Coffee roasting is a complex process that involves a number of chemical reactions. These take place in order to bring out the flavors and aromas of the bean. One of the most important stages in the roasting process is the second crack. This occurs when the coffee bean reaches a certain level of heat and pressure. Understanding this and its effects on the final product is crucial for anyone interested in producing high-quality coffee.
The first crack in coffee roasting occurs when the bean reaches a temperature of around 385-395°F. At this point, the bean begins to expand and release moisture, causing a popping sound that gives the first crack its name. During the first crack, the bean also undergoes a series of chemical changes, including the development of its characteristic flavor and aroma.
The second crack begins at a higher temperature, around 435-450°F. At this point, the cell walls of the bean are breaking down, releasing gases and oils that were trapped inside. This results in a more intense popping sound, and the bean will expand more than during the first crack. The second crack is where the roaster decides to stop the roast as they have reached their desired profile.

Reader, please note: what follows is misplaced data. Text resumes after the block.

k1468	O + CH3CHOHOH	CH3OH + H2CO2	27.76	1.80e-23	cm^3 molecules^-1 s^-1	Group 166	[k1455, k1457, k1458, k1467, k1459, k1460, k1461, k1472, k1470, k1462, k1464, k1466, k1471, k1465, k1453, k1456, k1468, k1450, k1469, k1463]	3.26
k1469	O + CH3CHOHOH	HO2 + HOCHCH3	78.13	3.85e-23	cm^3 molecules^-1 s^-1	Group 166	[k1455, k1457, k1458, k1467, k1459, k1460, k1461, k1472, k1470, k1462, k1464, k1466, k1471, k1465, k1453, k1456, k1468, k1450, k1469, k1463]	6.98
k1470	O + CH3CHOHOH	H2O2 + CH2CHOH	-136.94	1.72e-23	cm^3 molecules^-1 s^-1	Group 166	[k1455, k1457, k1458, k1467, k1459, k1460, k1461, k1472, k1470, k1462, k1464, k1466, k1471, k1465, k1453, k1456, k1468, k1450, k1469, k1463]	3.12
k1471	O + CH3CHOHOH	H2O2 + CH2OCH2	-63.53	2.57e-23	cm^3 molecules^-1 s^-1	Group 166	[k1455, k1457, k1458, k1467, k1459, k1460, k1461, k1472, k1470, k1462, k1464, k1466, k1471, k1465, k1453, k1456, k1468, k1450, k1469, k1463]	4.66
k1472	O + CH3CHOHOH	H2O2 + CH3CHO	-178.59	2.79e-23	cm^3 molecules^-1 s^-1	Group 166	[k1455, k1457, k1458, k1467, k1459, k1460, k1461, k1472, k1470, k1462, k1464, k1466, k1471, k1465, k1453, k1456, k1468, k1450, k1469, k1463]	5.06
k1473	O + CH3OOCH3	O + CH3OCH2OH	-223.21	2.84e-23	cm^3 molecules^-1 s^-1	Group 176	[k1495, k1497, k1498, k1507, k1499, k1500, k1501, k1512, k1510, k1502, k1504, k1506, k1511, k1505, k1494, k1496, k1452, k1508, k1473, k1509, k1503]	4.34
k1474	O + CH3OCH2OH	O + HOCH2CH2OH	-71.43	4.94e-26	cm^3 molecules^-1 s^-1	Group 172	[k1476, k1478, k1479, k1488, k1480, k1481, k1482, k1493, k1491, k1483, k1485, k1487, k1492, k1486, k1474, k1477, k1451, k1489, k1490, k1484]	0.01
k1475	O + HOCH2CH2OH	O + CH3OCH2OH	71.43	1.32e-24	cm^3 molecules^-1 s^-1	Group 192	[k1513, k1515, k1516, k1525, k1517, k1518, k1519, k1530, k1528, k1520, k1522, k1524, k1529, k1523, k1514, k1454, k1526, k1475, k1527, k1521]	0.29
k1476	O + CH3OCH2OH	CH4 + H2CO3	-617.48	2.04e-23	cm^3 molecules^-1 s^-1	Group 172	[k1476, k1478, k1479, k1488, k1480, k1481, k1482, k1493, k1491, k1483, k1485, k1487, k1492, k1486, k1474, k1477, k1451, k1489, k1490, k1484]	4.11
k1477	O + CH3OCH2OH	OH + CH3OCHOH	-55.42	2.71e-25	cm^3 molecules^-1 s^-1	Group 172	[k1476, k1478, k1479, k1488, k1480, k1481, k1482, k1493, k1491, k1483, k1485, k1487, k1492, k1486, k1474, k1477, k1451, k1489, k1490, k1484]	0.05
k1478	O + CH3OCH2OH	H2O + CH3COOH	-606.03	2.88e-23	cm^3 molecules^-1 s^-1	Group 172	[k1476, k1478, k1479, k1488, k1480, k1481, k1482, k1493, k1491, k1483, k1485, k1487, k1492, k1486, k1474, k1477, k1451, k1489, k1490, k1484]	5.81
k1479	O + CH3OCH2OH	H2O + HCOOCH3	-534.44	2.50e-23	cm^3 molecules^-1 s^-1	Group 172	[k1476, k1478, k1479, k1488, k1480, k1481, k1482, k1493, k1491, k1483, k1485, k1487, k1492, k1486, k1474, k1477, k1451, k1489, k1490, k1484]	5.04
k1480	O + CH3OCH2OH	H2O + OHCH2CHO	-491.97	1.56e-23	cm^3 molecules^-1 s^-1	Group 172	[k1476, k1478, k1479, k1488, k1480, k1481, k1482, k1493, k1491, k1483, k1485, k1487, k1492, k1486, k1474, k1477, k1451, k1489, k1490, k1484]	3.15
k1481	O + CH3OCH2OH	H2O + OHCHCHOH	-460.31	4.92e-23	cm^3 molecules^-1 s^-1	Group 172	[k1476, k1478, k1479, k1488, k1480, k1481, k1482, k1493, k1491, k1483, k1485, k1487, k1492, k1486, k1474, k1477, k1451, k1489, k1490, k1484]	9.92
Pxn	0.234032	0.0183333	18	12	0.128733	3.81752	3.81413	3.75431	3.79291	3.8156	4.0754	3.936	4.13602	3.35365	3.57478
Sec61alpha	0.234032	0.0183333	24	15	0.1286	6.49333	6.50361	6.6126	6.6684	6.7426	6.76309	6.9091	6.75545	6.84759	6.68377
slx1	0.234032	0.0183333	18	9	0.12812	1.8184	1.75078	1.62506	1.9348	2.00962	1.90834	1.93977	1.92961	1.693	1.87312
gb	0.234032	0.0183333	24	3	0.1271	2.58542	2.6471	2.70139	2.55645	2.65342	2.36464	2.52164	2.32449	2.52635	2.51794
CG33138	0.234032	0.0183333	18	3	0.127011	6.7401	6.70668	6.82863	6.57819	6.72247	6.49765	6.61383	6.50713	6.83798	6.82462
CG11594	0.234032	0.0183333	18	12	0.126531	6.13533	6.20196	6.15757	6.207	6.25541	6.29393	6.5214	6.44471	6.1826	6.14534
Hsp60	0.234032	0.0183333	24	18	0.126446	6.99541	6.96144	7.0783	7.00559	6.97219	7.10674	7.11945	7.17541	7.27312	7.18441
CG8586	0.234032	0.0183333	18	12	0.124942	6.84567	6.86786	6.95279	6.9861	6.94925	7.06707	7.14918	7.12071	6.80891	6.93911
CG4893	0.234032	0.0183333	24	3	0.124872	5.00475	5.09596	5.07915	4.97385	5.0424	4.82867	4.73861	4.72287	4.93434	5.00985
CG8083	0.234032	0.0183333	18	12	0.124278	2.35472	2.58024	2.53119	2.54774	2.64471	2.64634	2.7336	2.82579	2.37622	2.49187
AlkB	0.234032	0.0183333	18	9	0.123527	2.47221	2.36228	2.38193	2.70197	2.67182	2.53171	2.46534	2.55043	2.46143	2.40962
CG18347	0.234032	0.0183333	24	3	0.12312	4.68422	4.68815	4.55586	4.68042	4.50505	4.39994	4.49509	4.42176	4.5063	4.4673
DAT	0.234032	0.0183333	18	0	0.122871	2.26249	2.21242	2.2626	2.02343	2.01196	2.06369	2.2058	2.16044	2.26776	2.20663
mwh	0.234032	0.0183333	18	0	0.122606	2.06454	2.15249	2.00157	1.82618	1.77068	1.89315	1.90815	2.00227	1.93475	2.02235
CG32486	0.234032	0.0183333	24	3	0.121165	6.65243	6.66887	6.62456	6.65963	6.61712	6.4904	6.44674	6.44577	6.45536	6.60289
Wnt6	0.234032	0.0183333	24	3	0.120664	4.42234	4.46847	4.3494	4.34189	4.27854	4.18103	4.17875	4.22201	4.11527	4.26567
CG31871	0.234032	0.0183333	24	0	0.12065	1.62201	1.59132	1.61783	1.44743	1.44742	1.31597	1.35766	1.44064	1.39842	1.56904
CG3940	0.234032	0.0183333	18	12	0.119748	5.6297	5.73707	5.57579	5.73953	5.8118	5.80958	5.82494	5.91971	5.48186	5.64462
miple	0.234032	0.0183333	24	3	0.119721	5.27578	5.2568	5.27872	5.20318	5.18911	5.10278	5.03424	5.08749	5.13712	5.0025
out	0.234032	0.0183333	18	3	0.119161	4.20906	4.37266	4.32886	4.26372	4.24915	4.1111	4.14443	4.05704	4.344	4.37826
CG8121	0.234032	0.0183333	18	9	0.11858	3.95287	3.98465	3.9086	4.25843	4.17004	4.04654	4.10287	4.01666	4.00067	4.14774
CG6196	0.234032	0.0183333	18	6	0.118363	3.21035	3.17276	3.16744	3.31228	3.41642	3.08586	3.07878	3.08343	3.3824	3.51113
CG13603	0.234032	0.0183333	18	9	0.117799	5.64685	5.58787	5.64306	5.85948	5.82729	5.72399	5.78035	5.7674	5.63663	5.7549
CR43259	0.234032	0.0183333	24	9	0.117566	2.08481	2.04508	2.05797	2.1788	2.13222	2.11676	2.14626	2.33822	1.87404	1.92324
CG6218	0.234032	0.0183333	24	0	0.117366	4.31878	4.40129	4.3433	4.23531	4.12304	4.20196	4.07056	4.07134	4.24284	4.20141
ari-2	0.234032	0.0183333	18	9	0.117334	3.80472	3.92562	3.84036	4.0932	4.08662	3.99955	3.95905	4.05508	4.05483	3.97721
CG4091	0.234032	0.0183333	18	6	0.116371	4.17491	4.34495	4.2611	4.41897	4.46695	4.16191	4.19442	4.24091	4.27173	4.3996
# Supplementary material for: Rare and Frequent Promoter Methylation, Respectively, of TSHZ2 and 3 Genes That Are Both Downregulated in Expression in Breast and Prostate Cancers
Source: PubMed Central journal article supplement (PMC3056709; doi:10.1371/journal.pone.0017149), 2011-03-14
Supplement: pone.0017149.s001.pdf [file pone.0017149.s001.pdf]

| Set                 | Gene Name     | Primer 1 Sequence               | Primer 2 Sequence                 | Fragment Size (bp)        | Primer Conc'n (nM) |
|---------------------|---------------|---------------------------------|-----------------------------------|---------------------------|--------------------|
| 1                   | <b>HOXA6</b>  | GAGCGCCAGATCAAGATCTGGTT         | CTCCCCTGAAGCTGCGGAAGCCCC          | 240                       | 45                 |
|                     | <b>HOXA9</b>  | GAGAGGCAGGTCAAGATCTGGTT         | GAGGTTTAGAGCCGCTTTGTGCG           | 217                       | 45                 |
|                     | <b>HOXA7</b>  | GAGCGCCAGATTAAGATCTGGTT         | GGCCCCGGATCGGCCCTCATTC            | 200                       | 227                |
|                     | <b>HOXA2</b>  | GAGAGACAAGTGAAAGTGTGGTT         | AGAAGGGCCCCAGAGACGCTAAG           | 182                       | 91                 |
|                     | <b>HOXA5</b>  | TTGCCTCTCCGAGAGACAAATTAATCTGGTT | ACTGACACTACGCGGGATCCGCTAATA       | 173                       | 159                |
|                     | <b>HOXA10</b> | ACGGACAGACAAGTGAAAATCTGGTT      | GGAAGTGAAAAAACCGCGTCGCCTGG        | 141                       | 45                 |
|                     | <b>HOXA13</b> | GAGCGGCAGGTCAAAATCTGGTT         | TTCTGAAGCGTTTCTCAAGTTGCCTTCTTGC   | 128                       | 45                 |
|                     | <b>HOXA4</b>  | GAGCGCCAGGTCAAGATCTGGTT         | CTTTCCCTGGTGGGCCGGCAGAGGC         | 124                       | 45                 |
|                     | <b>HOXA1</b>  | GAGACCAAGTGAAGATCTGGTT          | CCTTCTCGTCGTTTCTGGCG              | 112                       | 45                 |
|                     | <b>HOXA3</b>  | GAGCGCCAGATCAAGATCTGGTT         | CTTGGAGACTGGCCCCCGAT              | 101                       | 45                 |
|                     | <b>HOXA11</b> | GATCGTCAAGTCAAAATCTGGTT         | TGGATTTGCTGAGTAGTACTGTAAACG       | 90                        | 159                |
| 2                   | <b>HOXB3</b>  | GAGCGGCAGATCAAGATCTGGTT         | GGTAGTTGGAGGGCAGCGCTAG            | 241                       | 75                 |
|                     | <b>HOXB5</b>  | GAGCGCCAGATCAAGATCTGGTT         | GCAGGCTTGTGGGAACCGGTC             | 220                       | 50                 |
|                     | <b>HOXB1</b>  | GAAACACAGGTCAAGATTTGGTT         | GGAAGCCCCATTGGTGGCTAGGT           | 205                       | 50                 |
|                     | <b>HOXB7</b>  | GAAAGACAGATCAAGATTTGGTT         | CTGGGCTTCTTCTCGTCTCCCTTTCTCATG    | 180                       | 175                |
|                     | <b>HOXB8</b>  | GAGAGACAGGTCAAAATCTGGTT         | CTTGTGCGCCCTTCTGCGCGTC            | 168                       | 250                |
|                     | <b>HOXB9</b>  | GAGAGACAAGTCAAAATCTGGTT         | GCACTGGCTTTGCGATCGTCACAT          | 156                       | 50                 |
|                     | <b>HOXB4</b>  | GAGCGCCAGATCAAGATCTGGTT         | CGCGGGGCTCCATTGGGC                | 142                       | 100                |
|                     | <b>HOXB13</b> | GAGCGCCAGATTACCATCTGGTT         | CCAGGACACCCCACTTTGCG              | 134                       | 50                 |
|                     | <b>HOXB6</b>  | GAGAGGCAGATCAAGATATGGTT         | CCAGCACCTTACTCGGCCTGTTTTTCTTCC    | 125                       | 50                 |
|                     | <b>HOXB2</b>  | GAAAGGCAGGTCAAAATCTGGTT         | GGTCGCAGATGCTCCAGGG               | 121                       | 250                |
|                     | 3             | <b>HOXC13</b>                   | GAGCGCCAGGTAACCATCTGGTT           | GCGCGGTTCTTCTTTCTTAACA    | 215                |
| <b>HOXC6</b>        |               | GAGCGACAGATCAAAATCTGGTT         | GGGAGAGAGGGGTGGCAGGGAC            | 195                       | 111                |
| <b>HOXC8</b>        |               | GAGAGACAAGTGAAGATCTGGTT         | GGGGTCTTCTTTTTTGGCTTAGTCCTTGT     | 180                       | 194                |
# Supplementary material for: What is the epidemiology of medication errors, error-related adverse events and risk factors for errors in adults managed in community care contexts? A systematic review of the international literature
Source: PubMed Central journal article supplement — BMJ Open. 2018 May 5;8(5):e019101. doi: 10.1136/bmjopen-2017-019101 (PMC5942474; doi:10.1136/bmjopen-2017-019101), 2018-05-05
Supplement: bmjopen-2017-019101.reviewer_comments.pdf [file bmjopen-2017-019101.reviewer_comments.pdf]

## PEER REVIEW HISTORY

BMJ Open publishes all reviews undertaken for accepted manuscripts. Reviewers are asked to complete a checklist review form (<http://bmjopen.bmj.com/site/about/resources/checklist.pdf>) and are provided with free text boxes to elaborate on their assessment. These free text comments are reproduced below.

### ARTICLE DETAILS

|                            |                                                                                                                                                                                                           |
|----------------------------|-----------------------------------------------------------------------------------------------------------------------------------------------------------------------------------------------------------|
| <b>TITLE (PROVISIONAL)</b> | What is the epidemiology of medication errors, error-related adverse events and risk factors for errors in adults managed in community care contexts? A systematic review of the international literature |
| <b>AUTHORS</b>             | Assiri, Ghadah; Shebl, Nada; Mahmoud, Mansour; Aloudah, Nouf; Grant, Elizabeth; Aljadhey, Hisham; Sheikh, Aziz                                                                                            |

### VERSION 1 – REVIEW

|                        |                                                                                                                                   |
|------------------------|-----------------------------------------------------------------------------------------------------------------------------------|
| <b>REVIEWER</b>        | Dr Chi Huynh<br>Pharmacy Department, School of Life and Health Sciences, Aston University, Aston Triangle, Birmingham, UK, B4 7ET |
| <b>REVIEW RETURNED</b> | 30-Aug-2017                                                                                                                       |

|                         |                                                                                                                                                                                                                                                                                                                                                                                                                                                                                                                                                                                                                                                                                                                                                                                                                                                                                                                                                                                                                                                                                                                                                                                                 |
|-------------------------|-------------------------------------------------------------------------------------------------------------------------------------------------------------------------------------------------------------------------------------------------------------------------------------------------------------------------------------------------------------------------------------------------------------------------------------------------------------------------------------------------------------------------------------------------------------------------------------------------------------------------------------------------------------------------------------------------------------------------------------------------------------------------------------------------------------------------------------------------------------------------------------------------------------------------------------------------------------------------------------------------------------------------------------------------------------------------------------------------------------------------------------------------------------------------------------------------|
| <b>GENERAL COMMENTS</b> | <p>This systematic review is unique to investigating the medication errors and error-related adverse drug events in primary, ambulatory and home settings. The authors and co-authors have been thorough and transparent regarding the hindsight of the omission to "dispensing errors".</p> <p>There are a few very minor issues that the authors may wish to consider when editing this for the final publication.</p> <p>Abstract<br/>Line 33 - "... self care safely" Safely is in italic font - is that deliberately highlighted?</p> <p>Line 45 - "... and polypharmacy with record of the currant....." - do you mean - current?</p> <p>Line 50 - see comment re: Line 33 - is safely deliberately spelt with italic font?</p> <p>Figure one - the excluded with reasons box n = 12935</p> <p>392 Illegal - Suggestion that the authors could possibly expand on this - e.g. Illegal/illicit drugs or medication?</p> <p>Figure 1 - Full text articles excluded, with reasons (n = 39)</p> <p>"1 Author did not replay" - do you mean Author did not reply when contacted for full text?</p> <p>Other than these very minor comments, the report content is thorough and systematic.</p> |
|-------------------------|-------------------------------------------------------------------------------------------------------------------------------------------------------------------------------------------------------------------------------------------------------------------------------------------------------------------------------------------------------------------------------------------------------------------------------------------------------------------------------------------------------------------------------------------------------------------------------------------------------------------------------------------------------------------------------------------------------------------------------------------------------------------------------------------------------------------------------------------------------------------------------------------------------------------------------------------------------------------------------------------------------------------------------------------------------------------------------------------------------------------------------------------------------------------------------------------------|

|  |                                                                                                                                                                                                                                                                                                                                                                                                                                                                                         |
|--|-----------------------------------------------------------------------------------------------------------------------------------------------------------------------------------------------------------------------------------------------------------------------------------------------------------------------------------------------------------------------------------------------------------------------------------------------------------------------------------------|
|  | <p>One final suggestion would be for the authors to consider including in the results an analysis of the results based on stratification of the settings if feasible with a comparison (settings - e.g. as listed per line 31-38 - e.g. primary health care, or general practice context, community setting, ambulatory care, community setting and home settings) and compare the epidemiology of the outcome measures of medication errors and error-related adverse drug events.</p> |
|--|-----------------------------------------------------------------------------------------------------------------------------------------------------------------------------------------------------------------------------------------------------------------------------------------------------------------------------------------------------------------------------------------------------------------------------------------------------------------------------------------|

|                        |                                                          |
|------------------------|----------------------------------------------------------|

One of the most important effects is on the acidity and body of the coffee. As the bean reaches higher temperatures, the acidity decreases, and the coffee begins to taste less bright and fruity. This is why lighter roasts, which are typically stopped before the second crack, have a higher acidity and a brighter flavor profile. Darker roasts, which are typically stopped during or after the second crack, have a lower acidity and a more intense, full-bodied flavor.
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